Art with an Edge

In the nation’s capital, the National Museum of the American Latino is still in the planning stages but in Albuquerque, New Mexico, the National Hispanic Cultural Center continues to grow, celebrate, and present Latino culture to the community, as it’s done for the past nine years.

“We offer a venue for people to glimpse and experience the best of Hispanic art and culture,” offers interim director Danny Lopez. “People have a natural curiosity so we encourage them to come here and learn something new as well as enjoy the art. It’s an affordable and entertaining way to spend time.”

With three-fourths of its construction complete—only a landscaping project remains—the Center boasts a museum, three performance theaters, a dance studio, a genealogy center, library, and education facility.

Currently on display in the 6,000-square-foot museum---next to the permanent collection---is Meso-Americhanics (Maneuvering Mestizaje) de la Torre Brothers and Border Baroque, featuring intricate, blown glass and mixed media works by two Mexican brothers, Einar and Jamex de la Torre, based in Tijuana, Mexico.

“I think it’s one of the most provocative exhibits we’ve had at the center to date,” says Clara Apodaca, president and CEO of the National Hispanic Cultural Center Foundation, which raises more than $2 million a year to pay for programming. “It’s kind of pop art but each piece is so different, so creative, and some are even outrageous, but every piece has a special meaning,” she adds. The exhibit will be on view through August 16.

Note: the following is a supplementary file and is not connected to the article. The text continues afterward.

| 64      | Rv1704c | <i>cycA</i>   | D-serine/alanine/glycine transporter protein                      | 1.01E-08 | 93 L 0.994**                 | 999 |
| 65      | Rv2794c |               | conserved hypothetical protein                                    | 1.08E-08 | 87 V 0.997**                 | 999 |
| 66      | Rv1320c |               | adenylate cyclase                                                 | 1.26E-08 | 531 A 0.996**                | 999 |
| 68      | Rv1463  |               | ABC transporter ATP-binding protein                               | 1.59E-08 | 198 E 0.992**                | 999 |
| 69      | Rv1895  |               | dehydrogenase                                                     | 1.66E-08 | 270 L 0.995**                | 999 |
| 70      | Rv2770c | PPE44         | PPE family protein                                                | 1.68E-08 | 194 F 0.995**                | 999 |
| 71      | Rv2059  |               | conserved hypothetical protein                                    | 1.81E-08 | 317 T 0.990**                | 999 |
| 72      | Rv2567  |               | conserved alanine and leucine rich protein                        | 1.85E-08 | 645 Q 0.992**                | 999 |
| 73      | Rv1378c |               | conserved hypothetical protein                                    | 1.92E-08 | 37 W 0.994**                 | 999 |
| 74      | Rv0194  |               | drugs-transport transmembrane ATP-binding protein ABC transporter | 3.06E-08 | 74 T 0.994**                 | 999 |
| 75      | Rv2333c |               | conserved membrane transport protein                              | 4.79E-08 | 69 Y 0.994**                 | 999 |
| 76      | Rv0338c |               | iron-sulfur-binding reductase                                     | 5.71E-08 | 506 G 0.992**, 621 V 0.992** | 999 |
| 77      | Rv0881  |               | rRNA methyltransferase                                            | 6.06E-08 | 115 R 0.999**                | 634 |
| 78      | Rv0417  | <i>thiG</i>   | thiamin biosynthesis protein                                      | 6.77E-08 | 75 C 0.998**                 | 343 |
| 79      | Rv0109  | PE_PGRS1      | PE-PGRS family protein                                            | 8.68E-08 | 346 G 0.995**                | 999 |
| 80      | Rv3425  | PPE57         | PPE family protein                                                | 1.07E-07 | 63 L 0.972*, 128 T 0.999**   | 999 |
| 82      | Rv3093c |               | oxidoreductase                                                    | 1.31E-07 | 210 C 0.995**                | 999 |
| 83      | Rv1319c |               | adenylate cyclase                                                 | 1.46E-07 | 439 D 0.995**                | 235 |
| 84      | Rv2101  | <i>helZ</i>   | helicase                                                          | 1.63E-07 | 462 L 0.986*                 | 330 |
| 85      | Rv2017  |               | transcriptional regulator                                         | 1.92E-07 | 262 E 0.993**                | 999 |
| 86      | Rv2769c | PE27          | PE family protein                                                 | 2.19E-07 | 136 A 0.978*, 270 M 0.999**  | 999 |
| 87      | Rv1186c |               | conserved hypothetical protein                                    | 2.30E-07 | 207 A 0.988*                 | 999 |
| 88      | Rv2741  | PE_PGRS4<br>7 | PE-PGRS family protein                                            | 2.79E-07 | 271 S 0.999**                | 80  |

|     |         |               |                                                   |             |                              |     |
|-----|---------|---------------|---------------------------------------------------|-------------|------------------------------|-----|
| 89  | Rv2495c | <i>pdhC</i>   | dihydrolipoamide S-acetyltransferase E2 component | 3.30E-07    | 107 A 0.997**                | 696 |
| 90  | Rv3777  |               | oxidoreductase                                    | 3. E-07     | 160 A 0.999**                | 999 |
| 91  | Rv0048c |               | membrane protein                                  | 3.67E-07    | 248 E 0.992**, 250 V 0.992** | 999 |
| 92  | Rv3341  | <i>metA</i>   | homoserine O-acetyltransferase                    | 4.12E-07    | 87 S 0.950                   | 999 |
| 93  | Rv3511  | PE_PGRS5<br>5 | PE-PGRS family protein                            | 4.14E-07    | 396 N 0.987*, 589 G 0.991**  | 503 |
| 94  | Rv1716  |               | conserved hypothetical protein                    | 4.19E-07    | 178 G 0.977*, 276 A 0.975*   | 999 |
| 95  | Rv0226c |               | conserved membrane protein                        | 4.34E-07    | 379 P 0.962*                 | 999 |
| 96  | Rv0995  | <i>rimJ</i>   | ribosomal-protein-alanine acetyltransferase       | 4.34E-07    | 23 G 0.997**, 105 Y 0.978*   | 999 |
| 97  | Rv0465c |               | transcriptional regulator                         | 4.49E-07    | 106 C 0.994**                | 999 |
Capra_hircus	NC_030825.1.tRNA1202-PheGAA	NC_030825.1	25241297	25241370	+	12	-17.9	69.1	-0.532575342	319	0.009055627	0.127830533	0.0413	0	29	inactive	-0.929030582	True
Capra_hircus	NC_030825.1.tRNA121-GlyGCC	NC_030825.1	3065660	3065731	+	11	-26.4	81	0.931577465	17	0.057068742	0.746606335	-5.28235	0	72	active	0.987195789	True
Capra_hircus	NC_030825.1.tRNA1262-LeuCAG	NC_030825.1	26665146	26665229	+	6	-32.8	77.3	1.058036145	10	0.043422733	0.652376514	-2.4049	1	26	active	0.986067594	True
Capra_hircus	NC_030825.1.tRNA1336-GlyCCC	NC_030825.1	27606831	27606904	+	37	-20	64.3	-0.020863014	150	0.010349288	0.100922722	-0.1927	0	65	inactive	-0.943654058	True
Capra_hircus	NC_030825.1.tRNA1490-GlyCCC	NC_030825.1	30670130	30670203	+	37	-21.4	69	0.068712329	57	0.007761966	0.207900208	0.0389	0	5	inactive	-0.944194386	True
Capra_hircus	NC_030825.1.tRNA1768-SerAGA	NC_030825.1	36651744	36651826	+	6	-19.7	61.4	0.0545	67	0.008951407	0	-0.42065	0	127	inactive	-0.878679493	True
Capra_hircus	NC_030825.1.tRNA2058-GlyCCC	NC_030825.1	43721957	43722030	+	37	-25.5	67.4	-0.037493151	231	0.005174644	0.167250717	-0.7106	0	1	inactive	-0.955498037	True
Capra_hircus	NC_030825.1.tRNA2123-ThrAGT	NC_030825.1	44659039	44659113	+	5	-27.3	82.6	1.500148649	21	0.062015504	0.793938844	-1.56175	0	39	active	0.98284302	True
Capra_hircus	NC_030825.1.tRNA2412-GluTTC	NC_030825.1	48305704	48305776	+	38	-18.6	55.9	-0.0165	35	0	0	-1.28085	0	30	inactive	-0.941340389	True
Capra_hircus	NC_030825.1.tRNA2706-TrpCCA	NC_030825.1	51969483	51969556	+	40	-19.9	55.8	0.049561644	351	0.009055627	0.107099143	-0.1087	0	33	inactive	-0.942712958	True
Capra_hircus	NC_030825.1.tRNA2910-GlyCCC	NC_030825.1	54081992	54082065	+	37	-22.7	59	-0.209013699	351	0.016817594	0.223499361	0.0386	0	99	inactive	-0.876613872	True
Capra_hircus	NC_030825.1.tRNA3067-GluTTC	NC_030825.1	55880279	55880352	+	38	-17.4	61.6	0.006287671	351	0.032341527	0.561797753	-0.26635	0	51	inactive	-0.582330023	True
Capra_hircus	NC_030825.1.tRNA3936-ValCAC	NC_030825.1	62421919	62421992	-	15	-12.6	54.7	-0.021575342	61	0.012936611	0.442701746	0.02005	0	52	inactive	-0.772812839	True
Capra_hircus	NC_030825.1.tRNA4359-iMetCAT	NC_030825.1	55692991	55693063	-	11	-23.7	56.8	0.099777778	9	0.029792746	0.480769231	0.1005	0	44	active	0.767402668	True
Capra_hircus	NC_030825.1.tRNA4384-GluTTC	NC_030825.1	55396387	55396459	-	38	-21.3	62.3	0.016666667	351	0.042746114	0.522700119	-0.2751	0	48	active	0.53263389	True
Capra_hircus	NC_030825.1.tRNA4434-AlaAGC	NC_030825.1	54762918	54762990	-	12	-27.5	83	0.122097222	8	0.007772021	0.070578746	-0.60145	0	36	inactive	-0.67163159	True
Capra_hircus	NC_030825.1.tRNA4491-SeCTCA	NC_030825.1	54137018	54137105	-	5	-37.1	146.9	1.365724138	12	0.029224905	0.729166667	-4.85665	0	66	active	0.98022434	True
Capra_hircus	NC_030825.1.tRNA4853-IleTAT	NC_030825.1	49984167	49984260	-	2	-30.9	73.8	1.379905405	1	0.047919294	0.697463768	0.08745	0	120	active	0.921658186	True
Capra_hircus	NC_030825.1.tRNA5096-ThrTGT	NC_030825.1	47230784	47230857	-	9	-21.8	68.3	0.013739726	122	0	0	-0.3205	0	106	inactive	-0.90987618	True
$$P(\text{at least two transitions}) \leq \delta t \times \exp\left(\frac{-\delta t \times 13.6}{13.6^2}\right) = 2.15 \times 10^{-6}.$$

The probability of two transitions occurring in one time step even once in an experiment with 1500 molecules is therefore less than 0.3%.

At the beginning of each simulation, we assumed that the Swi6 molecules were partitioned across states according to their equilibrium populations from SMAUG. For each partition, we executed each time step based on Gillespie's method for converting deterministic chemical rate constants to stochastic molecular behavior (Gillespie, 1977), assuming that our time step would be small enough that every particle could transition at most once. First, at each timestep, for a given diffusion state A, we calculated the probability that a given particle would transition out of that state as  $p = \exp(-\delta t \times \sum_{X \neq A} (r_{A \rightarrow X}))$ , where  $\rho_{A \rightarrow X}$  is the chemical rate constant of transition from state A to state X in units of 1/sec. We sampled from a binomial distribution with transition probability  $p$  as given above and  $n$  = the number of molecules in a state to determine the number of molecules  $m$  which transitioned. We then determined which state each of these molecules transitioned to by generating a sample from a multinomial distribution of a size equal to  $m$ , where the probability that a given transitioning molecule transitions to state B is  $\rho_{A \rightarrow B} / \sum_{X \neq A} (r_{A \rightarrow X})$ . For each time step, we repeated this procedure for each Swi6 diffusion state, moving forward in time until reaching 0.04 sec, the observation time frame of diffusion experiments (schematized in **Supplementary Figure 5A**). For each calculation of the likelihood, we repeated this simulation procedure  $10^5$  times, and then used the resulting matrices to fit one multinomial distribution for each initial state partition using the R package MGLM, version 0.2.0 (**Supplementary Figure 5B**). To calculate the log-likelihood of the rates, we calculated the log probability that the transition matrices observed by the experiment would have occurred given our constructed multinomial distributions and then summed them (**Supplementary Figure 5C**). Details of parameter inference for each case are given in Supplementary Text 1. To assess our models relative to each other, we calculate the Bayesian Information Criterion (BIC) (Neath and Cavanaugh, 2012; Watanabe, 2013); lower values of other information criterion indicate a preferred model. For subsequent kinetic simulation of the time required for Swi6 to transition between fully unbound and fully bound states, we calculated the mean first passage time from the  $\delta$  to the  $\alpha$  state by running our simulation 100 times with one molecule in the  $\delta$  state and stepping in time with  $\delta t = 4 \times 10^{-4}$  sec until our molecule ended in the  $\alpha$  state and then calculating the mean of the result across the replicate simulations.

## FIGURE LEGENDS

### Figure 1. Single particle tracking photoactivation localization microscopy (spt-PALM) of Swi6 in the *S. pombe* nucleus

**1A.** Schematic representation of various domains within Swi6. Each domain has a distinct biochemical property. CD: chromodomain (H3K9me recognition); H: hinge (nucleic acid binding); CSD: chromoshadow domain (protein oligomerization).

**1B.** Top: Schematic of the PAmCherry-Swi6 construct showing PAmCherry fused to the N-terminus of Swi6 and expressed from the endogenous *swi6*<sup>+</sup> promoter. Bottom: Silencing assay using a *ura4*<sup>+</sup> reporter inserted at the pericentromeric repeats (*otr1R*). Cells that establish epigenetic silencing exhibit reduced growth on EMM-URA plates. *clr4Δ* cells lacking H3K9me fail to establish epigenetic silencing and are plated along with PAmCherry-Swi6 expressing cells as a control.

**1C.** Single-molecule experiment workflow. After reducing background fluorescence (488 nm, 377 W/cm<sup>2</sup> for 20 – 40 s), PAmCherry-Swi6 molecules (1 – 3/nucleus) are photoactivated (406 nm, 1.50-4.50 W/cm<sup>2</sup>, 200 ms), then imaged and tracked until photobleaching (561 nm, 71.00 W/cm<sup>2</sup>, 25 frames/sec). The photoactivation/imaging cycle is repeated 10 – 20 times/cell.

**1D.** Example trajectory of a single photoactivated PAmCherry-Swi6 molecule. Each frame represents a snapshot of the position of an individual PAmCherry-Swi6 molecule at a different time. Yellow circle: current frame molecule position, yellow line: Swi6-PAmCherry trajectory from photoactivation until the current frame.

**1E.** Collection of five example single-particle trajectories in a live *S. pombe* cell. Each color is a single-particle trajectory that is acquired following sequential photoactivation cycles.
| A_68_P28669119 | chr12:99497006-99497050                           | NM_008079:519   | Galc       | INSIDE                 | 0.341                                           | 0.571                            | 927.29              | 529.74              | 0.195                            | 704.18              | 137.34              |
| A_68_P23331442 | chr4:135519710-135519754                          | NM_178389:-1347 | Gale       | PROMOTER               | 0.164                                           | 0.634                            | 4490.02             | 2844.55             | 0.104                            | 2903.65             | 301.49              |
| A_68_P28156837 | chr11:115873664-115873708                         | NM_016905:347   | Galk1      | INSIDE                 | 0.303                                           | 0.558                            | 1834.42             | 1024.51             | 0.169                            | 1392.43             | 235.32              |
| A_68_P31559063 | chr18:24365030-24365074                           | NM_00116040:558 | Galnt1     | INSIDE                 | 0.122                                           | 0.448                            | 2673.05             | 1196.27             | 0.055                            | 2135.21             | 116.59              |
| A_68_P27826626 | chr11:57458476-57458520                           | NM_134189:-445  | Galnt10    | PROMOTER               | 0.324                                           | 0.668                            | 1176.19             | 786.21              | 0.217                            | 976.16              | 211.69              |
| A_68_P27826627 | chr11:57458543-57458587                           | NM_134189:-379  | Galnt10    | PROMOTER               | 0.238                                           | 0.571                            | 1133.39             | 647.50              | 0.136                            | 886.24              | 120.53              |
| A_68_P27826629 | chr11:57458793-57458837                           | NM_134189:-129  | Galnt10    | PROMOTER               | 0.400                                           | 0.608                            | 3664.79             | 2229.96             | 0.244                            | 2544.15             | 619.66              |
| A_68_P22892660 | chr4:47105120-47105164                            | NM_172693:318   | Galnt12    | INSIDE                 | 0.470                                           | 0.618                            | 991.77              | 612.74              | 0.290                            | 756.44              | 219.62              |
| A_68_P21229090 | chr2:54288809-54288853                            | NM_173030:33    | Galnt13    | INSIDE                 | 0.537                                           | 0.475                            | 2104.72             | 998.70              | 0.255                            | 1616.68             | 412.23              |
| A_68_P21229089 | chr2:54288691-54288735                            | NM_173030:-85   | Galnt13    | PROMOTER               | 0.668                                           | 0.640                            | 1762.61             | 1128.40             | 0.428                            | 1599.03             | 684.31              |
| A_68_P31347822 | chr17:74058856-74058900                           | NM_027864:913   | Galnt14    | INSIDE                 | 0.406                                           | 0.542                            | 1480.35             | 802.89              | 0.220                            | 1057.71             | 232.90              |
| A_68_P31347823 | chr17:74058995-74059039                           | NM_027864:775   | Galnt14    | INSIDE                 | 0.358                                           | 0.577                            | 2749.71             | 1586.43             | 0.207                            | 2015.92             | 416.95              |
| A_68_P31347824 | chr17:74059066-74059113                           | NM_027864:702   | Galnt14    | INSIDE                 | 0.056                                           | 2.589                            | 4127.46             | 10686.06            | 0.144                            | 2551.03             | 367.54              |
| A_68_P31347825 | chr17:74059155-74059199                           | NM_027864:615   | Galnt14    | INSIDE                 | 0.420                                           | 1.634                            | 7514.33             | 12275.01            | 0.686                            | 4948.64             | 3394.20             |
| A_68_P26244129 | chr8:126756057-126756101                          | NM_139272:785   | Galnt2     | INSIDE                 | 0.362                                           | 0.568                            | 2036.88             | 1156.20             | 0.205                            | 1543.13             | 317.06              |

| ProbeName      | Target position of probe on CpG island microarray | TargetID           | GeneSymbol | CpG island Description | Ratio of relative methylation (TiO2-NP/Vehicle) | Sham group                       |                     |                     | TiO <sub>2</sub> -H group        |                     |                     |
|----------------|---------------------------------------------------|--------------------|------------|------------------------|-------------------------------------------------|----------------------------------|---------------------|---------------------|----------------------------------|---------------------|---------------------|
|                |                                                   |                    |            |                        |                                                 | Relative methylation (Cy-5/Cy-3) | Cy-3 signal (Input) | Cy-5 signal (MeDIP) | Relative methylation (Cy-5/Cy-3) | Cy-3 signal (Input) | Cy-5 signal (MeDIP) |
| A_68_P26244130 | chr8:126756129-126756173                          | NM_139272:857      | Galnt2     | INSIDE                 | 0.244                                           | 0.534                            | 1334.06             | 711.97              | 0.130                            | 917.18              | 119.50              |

The idea for the center came from three community leaders—Loretta Armenta, president of Qwest-New Mexico, former ambassador Ed Romero, and Edward Lujan, president of the Manuel Lujan Agency—who formed the foundation in the 1980s. It gained momentum when the state legislature approved $13.5 million for construction from 1993–1998. The federal government chipped in with $17.9 million and the city eventually contributed the 52 acres of land upon which the center is built.

With the operation and maintenance budget supplied by the state and programming support from the foundation and the onsite tienda and restaurant, the center presents a model for success that remains unique among cultural centers. In nine years, it has presented 500 productions, accumulated an art collection of 2,500 pieces, and welcomed more than 200,000 visitors.

“We really have to attribute our success to our first organizers. They set the model that we would focus on quality over quantity,” asserts Apodaca. “Today, all of our program directors remain dedicated to presenting the best examples of Latino art and culture in the country.”

Currently developing a $10 million endowment for the center, the foundation will hold a fundraising gala in September before the opening of its next exhibit, a collection of works from Cuba.

Valerie Menard